Arts bloggers: the ecology of social contentJune 28th, 2010 at 11:36 pm ET
I wanted to write something tonight about Graham Dunstan’s Arts Bloggers panel at the arts conference, because of all the half-dozen sessions I attended, it’s the one I think I got the most practical use out of. And it wasn’t just the panelists — the questions that were asked, and the people who asked them, sparked a wide-ranging conversation about the craft and the value of blogging as part of brand-building and audience-building.
One of the most thoughtful people who spoke up in the session (not a panelist, just an ordinary citizen like me) was Hoong Yee Lee Krakauer, who runs the Queens Council on the Arts. She is, of course, a creative and prolific blogger herself, not to mention artist, and I was blown away to discover tonight that in between making memorable comments and taking her own notes, she managed to complete four perfectly fine line drawings on her iPad in her spare time during those 90 minutes we were all in the room together. But I digress.
One of the things I think I remember Hoong Yee herself saying during the session is that good blog writing gives the reader something to react to — it has the effect of drawing the reader into a conversation that is bigger than him or her, but that also welcomes him or her to join in.
This is in contrast to, say, a newspaper op-ed, which might try to convince you of something but isn’t particularly interested in your opinion. I’m reminded of Steve Rosenbaum’s Huffington Post column on the death of the “content strategy” and of Clay Shirky’s essay “Gin, Television, and the Social Surplus” — both of which, as it happens, I read earlier today.
Each in his own way is talking about the new ecology of social content — about the irrepressible human desire not just to consume, but also to respond and to create and to share. For most of us, through most of the history of media — and I’m talking about well into my own lifetime — consumption was the only practical option most of the time. What were we going to do, start our own newspapers? (Some of us did. In elementary school, I published something called the Mintz Prints.. But, again, I digress.) Now that’s all changed, and I agree with Clay — the genie’s never going back in the bottle.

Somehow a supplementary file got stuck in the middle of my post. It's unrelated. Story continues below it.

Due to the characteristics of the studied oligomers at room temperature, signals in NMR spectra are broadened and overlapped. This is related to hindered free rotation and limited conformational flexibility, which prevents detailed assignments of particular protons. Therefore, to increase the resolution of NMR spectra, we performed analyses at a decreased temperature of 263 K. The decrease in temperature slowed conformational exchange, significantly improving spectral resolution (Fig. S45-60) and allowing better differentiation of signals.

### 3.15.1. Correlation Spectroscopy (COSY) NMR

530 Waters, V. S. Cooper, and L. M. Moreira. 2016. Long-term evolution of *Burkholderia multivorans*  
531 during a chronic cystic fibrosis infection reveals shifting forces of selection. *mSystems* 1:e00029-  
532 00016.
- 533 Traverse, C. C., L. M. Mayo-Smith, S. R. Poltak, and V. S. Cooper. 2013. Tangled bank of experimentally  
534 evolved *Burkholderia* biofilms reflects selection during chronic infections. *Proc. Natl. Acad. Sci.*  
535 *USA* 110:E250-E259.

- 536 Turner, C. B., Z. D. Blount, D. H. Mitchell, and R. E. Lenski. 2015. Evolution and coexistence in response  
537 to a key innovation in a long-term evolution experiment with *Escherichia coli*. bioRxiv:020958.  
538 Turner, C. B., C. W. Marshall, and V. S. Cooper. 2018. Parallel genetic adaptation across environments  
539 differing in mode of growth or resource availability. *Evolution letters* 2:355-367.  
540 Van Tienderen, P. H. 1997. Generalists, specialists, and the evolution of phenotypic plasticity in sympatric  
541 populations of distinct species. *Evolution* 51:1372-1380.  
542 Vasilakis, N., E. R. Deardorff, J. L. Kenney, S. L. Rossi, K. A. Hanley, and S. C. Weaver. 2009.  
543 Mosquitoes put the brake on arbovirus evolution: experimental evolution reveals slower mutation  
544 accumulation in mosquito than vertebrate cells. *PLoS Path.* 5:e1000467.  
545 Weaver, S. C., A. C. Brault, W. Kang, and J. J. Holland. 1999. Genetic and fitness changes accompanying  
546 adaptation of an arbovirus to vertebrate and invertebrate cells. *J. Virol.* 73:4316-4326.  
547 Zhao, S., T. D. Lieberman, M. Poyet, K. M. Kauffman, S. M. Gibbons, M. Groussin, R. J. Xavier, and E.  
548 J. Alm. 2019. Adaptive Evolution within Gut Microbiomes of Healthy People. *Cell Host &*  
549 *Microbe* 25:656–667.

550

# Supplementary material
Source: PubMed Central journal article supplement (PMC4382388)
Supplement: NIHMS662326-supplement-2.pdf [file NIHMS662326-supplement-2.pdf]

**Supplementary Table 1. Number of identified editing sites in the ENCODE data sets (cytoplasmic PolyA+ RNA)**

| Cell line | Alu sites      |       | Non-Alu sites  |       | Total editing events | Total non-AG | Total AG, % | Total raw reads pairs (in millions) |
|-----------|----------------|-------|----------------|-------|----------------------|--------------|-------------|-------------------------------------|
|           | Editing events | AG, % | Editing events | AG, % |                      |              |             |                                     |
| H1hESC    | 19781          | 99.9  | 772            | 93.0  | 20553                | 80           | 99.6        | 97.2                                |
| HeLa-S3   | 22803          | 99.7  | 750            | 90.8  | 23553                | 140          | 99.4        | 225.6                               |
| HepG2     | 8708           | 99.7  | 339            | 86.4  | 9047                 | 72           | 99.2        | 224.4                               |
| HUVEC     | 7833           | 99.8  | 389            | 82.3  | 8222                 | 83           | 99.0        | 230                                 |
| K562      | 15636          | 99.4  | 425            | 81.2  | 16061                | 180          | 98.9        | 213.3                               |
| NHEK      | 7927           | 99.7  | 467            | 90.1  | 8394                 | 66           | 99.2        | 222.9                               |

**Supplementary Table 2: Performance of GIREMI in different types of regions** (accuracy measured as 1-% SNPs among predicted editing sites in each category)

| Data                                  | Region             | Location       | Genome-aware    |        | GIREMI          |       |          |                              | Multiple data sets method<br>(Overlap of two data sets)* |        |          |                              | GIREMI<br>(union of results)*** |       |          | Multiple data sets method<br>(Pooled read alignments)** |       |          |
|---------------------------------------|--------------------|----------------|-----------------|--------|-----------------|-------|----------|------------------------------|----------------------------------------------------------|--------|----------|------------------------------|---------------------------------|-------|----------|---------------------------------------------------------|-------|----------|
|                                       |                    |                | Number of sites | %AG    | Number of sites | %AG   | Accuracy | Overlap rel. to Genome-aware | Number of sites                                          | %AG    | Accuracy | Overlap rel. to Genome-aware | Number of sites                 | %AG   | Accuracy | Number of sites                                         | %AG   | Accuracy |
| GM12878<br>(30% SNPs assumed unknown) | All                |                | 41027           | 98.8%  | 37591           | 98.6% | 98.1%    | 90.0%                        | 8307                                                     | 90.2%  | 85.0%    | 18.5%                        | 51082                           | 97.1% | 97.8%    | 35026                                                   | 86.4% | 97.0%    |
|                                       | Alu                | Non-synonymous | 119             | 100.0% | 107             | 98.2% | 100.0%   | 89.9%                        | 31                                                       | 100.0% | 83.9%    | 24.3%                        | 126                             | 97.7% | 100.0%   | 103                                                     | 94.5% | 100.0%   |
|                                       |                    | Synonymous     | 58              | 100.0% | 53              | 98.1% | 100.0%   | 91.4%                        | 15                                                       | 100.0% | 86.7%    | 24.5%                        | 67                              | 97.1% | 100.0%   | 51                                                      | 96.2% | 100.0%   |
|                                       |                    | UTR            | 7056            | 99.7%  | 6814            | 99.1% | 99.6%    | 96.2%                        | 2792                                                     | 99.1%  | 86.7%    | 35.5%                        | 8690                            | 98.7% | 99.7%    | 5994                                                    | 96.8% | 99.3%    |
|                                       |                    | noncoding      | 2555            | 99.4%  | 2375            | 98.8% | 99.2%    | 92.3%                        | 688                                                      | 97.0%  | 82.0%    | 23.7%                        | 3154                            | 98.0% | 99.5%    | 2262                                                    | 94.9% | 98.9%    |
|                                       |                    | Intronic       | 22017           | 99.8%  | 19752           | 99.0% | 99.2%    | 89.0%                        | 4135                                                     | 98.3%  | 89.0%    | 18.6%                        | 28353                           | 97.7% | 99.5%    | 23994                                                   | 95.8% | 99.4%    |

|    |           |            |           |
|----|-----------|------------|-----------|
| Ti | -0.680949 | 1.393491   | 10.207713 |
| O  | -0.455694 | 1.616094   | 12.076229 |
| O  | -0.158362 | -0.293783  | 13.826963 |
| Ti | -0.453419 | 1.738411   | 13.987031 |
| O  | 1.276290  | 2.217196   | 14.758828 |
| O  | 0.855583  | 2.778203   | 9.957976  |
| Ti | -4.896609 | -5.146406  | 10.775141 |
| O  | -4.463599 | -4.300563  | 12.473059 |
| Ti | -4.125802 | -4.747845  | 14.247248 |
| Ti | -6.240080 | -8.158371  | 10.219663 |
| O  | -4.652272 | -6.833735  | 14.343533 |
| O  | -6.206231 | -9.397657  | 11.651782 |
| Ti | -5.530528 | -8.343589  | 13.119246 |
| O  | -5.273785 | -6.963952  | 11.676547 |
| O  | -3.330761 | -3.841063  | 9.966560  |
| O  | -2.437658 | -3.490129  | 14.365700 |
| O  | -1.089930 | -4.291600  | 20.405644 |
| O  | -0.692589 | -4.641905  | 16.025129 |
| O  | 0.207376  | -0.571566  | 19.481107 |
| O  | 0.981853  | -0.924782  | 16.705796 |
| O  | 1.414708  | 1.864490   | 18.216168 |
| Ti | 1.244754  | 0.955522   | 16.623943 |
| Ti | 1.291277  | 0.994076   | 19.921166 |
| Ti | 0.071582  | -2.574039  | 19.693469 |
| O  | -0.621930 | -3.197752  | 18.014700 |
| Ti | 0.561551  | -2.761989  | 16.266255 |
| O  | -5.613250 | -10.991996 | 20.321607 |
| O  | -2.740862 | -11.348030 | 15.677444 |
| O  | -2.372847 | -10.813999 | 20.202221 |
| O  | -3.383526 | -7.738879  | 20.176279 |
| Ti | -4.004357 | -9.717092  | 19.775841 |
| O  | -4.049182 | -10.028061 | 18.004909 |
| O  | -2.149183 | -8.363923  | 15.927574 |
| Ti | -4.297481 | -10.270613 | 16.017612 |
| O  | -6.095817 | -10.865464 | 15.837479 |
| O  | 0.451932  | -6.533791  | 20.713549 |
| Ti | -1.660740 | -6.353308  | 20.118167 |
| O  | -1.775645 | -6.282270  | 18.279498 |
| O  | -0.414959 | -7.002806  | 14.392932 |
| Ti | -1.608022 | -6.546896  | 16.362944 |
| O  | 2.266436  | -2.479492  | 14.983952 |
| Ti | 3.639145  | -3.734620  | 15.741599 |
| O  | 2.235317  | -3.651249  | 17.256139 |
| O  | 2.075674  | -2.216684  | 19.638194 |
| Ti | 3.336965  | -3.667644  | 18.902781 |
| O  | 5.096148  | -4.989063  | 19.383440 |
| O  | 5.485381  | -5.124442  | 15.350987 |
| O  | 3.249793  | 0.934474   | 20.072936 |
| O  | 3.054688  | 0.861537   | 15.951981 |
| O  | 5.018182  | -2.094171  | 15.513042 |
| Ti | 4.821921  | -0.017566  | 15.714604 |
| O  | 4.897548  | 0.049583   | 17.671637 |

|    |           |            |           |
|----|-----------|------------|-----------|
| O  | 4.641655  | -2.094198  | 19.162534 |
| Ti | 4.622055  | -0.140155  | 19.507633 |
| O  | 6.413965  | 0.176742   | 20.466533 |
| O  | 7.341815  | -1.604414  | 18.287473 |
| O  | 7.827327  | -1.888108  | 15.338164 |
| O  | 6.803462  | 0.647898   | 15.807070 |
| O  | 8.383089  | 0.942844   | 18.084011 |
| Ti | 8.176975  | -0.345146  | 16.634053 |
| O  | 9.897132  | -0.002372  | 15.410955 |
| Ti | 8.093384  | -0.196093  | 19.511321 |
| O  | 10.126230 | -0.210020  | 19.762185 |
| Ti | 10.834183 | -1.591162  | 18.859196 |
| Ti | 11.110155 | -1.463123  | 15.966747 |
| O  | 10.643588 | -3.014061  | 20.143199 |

The very best social media — this applies not just to blogs, but to any media that’s meant for a participatory public — makes you feel like there’s a party going on, and you’re invited. It does so by saying so directly (“What are your thoughts on this topic?”), but also indirectly: by playing out an exchange of ideas with other blogs (e.g., as I’m doing here), by quoting and referencing the comments of “ordinary people” whom the imagined reader can relate to, by facilitating the sharing of itself through social media tools.
When an organization establishes a reputation for this kind of social media, its online audience starts to grow more quickly, as readers begin returning of their own accord (without having to be nudged by, say, an email program) to “see what’s new.” (As Graham said in the panel, it’s important when they do come back that there actually be something new for them to see. Once you set up the expectation, you do have to feed it.)
I’ll have more tomorrow about what the panelists themselves said on these important topics.ShareThis